While you read, click on one of the links and fire up the song "Badge of Norman":
By Angelo Cozzi (Mondadori Publishers)
In February 2016 I had one the weirdest work trips of my career. I had almost three weeks on the road that had me traverse a winter in Colorado, the perpetual summer of Hawaii and finally about a week in Adelaide, Australia. I had one bag with everything from a uniform and down jacket for the bitter cold to board shorts to run the beaches of O'ahu in. I remember sitting on a bench in Waikiki at 2am out front of a 7-eleven. Eating a Spam musubi from the sweatbox by the register, I was waiting for a load of laundry to finish next door and was talking to Alan about several song concepts. And by the way, if you haven't dove into one of those little gems, hit that... it's like a magic little piece of indelible edible history... where WWII rationing and Japanese sushi culture collide.
While on the island, I had spent time working at Joint Base Pearl Harbor-Hickam where infinite concrete scars lay testament to the brutality of a morning that would live in infamy (and eventually become the lyrics of another song on this album). I had spoken to Alan several times and shared concepts and experiences those few days that had me primed to write lyrics for a song about Pearl Harbor, the heroism, brutality and sacrifice that was displayed that day.
But, by the time I fumbled down the ramp to catch my flight to Australia, Alan had thrown me a curve ball of a writing assignment. He sent me an article that had touched him deeply about Australian Peter Norman standing in solidarity with Americans Tommie Smith and John Carlos in defiance and protest of racism and inequality on the podium of the 1968 Olympics in Mexico City.
The story moved me deeply as well. It's in my fabric to love the rebel, value the insurgent and idolize anyone who speaks truth against power, and this story was all of that. I am always humbled and inspired by those who sacrifice so much personally to stand on the right side of history. Frankly, in this case I was embarrassed. Here I was flying to Australia and Alan had shared with me a story of sacrifice and an act of human decency on the world stage in a time where it mattered most and I knew nothing of it. It simply seemed too important not to before I stepped foot on Australian soil. I had never even heard of the Olympic Project for Human Rights, much less the story of the small badge Peter Norman wore on the winners podium that would essentially destroy his career. So, I downloaded every shred of information I could find before the doors closed and he hummed the melody as he heard it at the moment. I filled in the blanks talking to the Quantas' stewards and stewardesses about racism in Australia and what they knew about the story through their lenses almost 50 years later. I would find that he was shamed into almost obscurity, to never race again, and that when he died in 2006, it was Tommie and Carlos that were his pallbearers.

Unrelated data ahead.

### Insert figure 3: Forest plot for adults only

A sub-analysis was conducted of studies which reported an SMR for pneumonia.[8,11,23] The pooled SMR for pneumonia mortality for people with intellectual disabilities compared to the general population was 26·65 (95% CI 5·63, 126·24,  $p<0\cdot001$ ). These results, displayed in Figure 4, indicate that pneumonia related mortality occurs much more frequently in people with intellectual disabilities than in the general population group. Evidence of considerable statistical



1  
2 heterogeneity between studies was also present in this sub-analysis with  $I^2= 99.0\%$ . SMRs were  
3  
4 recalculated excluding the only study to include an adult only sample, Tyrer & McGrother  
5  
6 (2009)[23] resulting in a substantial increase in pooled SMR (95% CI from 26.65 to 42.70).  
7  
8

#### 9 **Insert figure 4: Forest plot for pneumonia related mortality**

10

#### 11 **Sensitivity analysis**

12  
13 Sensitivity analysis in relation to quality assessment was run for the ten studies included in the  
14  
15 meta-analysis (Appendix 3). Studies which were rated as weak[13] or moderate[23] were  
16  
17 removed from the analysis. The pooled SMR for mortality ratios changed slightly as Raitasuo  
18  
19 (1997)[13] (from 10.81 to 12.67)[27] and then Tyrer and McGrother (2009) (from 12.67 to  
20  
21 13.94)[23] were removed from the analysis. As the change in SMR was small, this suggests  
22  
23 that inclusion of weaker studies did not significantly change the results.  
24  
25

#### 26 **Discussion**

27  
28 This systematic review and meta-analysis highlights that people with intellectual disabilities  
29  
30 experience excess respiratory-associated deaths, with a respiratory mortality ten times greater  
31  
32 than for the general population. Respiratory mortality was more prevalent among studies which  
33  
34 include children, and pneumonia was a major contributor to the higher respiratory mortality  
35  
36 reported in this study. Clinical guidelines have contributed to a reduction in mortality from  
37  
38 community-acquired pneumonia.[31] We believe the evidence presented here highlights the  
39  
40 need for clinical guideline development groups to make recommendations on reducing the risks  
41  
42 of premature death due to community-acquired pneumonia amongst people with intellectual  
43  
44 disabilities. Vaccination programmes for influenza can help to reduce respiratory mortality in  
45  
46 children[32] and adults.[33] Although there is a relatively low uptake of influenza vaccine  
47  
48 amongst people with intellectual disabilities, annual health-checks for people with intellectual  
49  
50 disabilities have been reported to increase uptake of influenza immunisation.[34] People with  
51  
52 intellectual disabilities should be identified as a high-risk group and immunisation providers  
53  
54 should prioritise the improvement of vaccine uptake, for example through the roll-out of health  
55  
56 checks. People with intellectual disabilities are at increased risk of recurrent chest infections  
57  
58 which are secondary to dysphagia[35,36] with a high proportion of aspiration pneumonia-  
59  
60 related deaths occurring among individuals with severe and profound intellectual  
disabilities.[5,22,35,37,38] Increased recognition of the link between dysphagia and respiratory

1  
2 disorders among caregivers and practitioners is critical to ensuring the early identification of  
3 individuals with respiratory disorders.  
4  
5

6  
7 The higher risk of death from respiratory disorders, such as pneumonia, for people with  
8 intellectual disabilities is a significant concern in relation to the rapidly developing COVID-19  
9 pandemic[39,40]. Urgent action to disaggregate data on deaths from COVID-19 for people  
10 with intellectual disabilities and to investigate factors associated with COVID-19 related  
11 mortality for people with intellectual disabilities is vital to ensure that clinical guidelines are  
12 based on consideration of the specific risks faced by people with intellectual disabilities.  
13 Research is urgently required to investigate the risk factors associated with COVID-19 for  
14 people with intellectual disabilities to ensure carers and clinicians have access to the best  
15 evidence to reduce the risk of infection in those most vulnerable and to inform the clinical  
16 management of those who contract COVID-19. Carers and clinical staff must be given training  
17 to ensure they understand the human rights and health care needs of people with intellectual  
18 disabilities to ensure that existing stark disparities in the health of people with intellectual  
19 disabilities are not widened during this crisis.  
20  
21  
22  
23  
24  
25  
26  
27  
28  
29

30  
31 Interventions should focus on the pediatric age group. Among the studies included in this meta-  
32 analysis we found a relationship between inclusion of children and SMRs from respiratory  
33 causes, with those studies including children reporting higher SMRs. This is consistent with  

Digging back in my notes, here's what I came up with:
1968 sprint thru Mexico City sun
200 meters in a 20 ought 6 (20.06)
written out of history
penned in 44 years late
Star Spangled banner but
black glove fists in the air
One white man Number 2
3, 4 barefoot to take a stand
Selma's Aboriginal face
On streets of injustice
hearts of unrest,
broke down promise land
truth behind the camera
Fuel lies within the lens
Quietly the fight was his
But the struggle was all of ours
Refusing to speak
Is the loudest of voices
Rightful Olympic glory
Folding gym socks and track
On the tube In the worlds freest of cities
Norman's badge a twisted reflection
the stains of apartheid,
a call for justice, subtle and pure
Written out of history
a Lamb for the slaughter
In whitewashed downunder
Norman wore the badge
To carry freedoms torch
Until the men of the badge
Tommie and John would carry him home
When I landed in Adelaide, I was excited to call Alan and share. Every song we have written together has had its own novel trajectory, this one seemed pretty cool. Alan's hummed melody on repeat in my head and the rough draft ready to send in Apple Notes. I even produced the lyrics in some semblance of iambic pentameter that the good lord knows I normally fail epically to produce on any first (second... or third) draft I share.
I gathered my bag from the overhead when my phone caught up and a text from the states finally popped up: "done brother... check it out."
As you now know... Alan's version was better... so much better.
I'm just proud to hear this song and feel its story through the miles of history and continents of shared experience.
Love to you John, Tommie and Peter. You fell on exactly the right side of history and continue to inspire. Thank you.